Nicolas Winding Refn is a visionary—a barbarian poet, a scuzzbucket craftsman with an expert eye for the beauty of the obscene. But is every one of his visions worth sharing? The last time the Danish director manned the wheel of a Ryan Gosling vehicle, the result was a near-masterpiece of genre hybridization. So it’s more than a little disappointing to report that Only God Forgives, the pair’s second collaboration, is no Drive. In fact, it sometimes plays like a grotesque parody of that 2011 triumph, with Refn amping up the limb-slashing, head-bashing savagery and filtering out all traces of doomed-romantic grandeur. The results are sometimes striking, in pure visual terms, but rarely engaging; even as a brutish saga of underworld retribution, the film fails to get the heart pounding.
The problems begin with Gosling himself, cast again as a near-mute urban samurai. In Drive, the actor telegraphed flares of big emotion passing behind his steely baby blues, but there’s nothing to read in the expressionless stone-face he adopts here. Perhaps that’s because his character, who runs a Thai boxing club that’s a front for the family drug business, has no one in his life to love. Instead of making eyes with a pretty neighbor, Gosling plants himself in a chair and dispassionately gawks at a masturbating prostitute (Yayaying Rhatha Phongam). It’s the film’s most meaningful relationship, consummated through a monotonous routine that’s an inadvertent metaphor for watching the movie: Like this emotionless cipher, all viewers can do is stare joylessly at the degradation on display.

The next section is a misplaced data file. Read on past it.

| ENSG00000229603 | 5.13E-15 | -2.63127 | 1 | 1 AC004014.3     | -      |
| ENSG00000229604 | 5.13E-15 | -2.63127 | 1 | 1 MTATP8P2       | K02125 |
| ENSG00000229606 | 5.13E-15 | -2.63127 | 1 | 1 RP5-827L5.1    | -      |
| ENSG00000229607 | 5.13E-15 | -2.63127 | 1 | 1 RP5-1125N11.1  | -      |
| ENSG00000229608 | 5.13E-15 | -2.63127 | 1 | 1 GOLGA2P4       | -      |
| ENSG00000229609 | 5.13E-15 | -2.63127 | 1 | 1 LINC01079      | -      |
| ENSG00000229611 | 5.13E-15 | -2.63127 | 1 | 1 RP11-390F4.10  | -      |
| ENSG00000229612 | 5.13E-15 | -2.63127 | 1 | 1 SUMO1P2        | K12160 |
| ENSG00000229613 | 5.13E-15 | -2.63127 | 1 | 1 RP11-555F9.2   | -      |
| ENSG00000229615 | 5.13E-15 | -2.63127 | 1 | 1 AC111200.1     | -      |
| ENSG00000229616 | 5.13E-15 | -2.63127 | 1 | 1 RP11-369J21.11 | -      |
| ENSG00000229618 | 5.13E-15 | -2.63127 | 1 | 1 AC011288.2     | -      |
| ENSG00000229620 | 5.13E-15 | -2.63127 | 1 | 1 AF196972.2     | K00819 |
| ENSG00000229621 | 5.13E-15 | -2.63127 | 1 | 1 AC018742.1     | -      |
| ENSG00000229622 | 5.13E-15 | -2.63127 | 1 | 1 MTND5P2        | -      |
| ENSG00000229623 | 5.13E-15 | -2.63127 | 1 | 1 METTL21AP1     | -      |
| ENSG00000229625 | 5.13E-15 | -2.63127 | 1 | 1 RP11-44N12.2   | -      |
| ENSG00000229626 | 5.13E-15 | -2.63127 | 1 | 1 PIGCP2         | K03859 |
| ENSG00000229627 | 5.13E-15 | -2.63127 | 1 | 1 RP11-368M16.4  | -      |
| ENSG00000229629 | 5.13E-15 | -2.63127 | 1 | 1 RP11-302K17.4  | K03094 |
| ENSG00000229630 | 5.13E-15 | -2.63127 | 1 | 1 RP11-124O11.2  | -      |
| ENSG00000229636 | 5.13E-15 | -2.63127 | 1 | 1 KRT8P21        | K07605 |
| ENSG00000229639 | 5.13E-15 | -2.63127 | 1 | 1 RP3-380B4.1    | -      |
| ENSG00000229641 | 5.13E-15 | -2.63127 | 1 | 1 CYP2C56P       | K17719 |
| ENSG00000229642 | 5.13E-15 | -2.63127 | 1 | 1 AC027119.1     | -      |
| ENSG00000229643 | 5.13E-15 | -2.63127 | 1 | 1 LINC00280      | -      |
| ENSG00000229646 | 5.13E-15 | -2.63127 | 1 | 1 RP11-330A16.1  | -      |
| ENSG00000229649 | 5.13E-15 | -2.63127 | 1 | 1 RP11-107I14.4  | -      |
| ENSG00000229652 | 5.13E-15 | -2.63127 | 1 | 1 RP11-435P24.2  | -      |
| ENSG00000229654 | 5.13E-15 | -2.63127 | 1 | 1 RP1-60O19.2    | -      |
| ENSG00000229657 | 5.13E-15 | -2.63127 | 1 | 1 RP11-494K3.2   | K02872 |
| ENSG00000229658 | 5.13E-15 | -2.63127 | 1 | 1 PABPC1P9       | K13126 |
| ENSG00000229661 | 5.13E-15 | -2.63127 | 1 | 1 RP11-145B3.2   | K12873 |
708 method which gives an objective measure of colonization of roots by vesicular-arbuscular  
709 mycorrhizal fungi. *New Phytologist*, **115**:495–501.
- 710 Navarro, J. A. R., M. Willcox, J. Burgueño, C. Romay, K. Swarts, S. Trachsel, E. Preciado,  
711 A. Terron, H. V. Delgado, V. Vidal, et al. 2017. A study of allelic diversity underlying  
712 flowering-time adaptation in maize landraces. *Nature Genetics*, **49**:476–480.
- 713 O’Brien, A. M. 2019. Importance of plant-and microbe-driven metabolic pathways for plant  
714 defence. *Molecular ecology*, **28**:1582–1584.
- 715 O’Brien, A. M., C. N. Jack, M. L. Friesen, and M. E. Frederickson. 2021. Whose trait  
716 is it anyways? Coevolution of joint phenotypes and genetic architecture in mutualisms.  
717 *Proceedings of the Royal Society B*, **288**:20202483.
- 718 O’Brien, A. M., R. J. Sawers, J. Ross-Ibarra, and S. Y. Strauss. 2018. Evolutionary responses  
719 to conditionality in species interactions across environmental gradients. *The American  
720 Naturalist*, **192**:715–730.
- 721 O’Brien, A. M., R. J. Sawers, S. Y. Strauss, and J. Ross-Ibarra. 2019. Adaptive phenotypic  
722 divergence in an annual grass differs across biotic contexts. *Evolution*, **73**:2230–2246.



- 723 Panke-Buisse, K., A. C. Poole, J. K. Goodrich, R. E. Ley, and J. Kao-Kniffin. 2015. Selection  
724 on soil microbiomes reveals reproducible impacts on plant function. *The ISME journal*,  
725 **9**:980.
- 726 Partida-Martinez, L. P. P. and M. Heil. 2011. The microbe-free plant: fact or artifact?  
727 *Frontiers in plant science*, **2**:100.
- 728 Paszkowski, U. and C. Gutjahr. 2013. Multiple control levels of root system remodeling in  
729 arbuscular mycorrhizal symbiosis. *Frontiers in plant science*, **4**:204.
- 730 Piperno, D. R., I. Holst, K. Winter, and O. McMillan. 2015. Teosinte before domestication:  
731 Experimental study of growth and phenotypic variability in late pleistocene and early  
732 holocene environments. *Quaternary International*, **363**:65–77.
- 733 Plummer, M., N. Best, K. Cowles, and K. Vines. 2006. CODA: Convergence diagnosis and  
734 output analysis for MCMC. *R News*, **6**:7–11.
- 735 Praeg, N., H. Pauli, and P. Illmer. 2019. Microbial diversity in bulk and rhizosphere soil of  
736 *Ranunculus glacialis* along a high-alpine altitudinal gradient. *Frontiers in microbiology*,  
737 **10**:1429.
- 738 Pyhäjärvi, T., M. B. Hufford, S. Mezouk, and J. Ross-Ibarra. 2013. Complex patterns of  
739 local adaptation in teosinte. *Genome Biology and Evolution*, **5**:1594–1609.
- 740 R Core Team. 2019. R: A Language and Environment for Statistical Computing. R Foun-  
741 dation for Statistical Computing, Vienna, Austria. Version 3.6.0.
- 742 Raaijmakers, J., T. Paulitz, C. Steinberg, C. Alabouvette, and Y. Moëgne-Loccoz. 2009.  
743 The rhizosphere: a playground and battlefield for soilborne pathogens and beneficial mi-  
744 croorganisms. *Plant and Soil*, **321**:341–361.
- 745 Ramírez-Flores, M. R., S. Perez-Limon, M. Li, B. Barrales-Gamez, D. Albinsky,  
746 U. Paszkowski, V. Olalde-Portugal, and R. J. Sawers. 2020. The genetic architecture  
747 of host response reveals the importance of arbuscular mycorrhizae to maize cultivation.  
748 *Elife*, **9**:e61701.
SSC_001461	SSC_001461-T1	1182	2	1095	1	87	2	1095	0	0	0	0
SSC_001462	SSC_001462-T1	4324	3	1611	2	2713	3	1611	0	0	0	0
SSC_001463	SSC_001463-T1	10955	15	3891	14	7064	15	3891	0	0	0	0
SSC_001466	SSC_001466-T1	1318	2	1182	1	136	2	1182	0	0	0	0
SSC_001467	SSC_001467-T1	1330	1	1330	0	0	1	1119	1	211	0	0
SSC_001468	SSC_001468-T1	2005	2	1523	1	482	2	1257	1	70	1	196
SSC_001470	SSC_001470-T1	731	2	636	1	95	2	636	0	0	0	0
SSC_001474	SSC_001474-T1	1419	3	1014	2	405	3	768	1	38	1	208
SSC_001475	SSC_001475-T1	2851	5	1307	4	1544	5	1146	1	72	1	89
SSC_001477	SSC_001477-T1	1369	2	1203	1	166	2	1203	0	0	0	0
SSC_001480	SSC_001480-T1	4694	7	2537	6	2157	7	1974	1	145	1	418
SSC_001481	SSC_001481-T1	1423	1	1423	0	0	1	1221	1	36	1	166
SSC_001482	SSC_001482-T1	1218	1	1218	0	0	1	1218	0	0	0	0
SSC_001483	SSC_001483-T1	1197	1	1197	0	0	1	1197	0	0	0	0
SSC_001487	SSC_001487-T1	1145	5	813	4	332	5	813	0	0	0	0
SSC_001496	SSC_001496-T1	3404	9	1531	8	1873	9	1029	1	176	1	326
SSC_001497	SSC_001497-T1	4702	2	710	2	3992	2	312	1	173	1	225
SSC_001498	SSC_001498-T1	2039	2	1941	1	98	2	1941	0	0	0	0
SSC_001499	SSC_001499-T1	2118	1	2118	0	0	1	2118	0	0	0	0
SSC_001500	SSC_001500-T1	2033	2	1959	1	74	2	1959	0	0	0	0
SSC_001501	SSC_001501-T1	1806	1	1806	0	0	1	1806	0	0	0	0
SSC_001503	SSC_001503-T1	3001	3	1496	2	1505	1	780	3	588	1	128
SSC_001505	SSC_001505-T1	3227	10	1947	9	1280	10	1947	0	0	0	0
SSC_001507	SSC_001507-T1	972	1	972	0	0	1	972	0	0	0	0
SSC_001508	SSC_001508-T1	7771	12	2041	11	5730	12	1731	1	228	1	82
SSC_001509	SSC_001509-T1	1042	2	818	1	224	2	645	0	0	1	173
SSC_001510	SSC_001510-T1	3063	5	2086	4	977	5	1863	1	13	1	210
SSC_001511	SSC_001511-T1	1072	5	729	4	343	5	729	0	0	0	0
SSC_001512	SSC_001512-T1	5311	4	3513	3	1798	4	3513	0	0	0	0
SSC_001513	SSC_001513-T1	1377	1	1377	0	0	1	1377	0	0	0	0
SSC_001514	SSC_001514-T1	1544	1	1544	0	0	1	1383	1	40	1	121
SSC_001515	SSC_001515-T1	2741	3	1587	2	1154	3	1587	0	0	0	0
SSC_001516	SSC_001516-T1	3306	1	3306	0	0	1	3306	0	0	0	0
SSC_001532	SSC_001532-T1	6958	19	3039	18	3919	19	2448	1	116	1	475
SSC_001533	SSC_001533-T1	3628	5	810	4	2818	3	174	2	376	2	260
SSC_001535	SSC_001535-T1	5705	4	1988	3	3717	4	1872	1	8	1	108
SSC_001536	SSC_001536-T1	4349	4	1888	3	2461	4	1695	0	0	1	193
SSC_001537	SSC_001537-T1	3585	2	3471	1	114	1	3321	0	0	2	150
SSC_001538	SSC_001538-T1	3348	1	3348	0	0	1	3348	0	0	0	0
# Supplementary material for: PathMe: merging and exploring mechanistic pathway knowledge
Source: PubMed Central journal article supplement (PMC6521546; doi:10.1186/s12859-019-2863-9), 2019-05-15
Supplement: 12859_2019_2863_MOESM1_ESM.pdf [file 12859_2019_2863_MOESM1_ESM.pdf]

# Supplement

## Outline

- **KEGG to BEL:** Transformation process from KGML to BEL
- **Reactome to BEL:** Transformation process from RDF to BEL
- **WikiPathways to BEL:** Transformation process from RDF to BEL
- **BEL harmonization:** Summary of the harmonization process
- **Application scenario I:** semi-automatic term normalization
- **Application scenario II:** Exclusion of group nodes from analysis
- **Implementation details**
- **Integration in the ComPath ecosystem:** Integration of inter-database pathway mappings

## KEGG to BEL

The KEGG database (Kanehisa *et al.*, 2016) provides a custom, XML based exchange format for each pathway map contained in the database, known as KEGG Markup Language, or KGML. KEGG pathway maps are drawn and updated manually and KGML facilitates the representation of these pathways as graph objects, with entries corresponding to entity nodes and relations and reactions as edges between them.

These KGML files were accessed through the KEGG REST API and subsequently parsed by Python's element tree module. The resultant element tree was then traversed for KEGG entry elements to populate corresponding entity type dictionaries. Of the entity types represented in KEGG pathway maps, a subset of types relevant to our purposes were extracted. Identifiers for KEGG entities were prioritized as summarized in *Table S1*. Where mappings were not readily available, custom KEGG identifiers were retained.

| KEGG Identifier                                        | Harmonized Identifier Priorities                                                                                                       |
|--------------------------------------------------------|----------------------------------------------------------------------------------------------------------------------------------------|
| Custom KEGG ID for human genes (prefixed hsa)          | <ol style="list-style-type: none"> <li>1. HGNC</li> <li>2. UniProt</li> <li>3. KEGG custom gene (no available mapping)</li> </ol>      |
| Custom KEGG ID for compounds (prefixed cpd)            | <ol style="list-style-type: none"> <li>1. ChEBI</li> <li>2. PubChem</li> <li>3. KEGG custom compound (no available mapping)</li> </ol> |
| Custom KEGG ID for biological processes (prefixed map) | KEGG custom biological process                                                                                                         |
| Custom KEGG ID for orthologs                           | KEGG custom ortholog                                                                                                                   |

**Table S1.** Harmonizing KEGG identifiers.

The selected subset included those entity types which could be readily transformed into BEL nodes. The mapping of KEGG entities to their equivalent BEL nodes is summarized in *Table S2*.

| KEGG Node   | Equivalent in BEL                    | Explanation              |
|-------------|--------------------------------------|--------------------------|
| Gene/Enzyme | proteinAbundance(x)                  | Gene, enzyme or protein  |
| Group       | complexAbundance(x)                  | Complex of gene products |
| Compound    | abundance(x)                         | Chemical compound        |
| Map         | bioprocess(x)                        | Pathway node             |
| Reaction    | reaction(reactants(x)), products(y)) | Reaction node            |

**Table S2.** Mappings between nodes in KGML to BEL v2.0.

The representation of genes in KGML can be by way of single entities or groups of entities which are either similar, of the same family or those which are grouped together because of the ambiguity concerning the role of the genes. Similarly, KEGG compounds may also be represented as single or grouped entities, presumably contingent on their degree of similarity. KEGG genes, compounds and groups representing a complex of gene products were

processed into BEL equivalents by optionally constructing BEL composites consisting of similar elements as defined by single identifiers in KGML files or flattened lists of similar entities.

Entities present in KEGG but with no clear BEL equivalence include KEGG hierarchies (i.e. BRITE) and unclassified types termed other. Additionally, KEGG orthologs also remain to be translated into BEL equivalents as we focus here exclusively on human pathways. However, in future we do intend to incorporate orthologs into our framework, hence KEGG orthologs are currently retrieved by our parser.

The plot, if it can be called that, commences when Gosling’s dimestore-sociopath brother (Tom Burke) butchers a hooker, a vicious crime that sets off a string of eye-for-an-eye slayings. A sword-wielding, karaoke-loving bad detective (Vithaya Pansringarm) allows the dead girl’s father to murder the brother; retaliation provokes more retaliation, an endless cycle of slit throats, point-blank executions, and other nasty bits of business that wouldn’t feel out of place in one of Refn’s Pusher movies. Gosling’s mother, a foul-mouthed dragon lady played by Kristin Scott Thomas, wanders into the fray, relishing every showy obscenity the script crams into her maw. “Billy raped and killed a 16-year-old girl,” Gosling reminds her. “I’m sure he had his reasons,” she fires back. Scott Thomas’s Oedipal burlesque show reaches its comic nadir (or zenith?) during a sitcomish detour, in which the grieving matriarch slanders everyone in sight and compares her sons’ dick sizes. She almost, but not quite, upstages the carnage.
Ruthlessly committed to this gutter-sniping nonsense, Refn directs the hell out of every scene, every moment, every frame. He’s a master of atmosphere, creating a nearly Kubrickian dread through long, slow plunges into Gosling’s den of sin, and drenching his characters in harsh pools of blood-red light and the neon glow of Bangkok nightlife. It’s a gorgeous headache of a movie, propped up by another hypnotic Cliff Martinez score and graced with just enough expressive touches to make it look, if viewed from far enough away, like the existential joyride that preceded it. But be forewarned, Drive fans: There are no real human beings here. No real heroes either.